Irradiated, Cheated and Now Infected: America’s Marshall Islanders Confront a Covid-19 Disaster: Dan Diamond
The US used their homeland for nuclear test-bombing, then denied them Medicaid. Now, their way of life in the U.S. heartland has left them prime prey for the pandemic. Maitha Jolet photographed October 5, 2019 in Dubuque, Iowa, a member of a Marshallese community that relocated to the United States after their islands became contaminated by nuclear fallout from U.S. military testing in the 1940s and 1950s. | M. Scott Mahaskey / POLITICO
UBUQUE, LOWA, Dec 19. 2020: The Covid-19 pandemic had already sickened their friends when it came for Nathan Nathan's wife, too. It was April 20, Nathan recalls, and his 53-year-old wife, Neibwen Naisher—who was always smiling, he says, who was never sick or complained—was gasping for air in their home in this small Midwestern city. "She couldn't catch her breath," Nathan tells me through an interpreter. "I told her to go to the emergency room, to get checked out." It was the last time they spoke. A whirlwind followed. A nine-day hospital stay. A funeral in May.
And later, nearly $120,000 in medical bills for his dead wife's care—including a new $14,135 bill that Nathan received this month and couldn't possibly hope to pay. He was laid off this spring as a laundry worker by the same hotel where his wife worked as a housekeeper. Neither had health benefits. In many ways, it's the same catastrophe that's played out across America during Covid-19: Loved ones suddenly struck down and separated by illness. Jobs lost in the economic downturn. Unpaid bills piling up, despite a pledge from President Donald Trump to protect the uninsured from coronavirus costs.
But Nathan isn't American. He and his family are from the Marshall Islands—among the thousands who fled the atolls in the Pacific after U.S. nuclear testing riddled the islands with radiation and rendered their communities unsafe. The islanders' experience during the pandemic has been a tragedy inside a tragedy, the culmination of decades-old U.S. policies and public health failures that continue to chase the Marshallese.
The United States nuked their homeland. Ruined their food supply. Then promised them free health care through Medicaid before Congress later yanked it away. Now, it's given them coronavirus—at a far greater rate than the general U.S. population, and infinitely higher than their troubled home islands, where local Covid-19 transmission is nonexistent. One outbreak in a Marshallese community in Arkansas was so bad, the Centers for Disease Control and Prevention this summer dispatched a team to specifically study it. Some Marshallese in America say that because the virus ran so aggressively through their communities, they've been stigmatized as carriers of Covid-19, making it harder to find new jobs or get back work they've lost.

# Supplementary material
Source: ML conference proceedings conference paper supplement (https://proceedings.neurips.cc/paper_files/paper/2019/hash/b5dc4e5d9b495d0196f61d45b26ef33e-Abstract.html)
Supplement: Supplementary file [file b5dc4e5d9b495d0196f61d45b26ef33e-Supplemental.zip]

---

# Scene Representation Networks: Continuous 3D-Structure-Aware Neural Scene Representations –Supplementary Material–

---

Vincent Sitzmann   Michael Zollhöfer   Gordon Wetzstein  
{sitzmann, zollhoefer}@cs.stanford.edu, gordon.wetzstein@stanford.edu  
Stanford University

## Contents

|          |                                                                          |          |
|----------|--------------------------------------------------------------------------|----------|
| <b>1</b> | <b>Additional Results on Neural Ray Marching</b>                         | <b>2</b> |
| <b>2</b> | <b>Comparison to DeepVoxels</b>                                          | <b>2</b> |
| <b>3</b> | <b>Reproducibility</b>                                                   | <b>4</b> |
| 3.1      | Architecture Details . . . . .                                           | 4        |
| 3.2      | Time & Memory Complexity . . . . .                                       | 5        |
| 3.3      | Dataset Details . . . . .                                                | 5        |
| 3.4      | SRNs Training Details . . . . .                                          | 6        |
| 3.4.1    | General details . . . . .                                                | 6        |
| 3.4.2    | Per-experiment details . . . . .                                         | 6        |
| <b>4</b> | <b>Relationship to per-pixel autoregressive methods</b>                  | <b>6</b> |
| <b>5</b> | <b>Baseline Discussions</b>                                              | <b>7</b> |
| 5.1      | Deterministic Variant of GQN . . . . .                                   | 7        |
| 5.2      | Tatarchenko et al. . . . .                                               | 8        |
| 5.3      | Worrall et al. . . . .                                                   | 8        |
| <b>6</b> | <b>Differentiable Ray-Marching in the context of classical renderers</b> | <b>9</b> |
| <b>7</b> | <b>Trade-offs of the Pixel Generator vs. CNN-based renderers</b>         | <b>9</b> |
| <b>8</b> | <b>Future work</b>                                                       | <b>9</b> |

In Iowa and other states around the country, local leaders have tried to put a spotlight on the burdens of the Marshallese, arguing that the United States owes the islanders because of a unique international agreement known as the Compact of Free Association, or COFA. In Washington, D.C., a growing number of lawmakers have signed on to bills trying to restore the islanders' lost Medicaid coverage. And across the country, advocates have attempted to take up collections or set aside new funds, although they haven't always found their way into the neediest hands.
But as the coronavirus pandemic rages across the United States, it has hammered the Marshallese—with mounting deaths, debts and other complications. And health experts who’ve worked with the islanders argue they’ve suffered more than any other racial or ethnic group. "We knew Covid was going to hit them hard," said Suzie Stroud, a Dubuque social worker who has specialized in working with the Marshallese. "It just brought to light all of the problems we had been fighting all along."
Nearly a year into the pandemic, we're still learning about Covid-19—including why many people shrug off their infections with no symptoms, and why others will rapidly decline and even die within a few days. But epidemiologists and public health workers have concluded that there are some people and populations that are at elevated risk: the sick, the old, the obese. They've also zeroed in on how the virus is transmitted, warning against what are known as "congregate settings," where people spend considerable time indoors together.
And if Covid-19 itself could draw up ideal victims, the Marshallese would be at the top of the virus' list. Pictures hang on a wall showcasing members of the Marshallese community now living in Dubuque, Iowa "They're definitely among the most vulnerable populations," said Tim Halliday, a University of Hawaii professor who's studied the Marshallese and other islanders covered by COFA. For instance, the islanders disproportionately suffer from preexisting conditions, like kidney disease and obesity, that the CDC has warned are linked to more serious Covid-19 cases.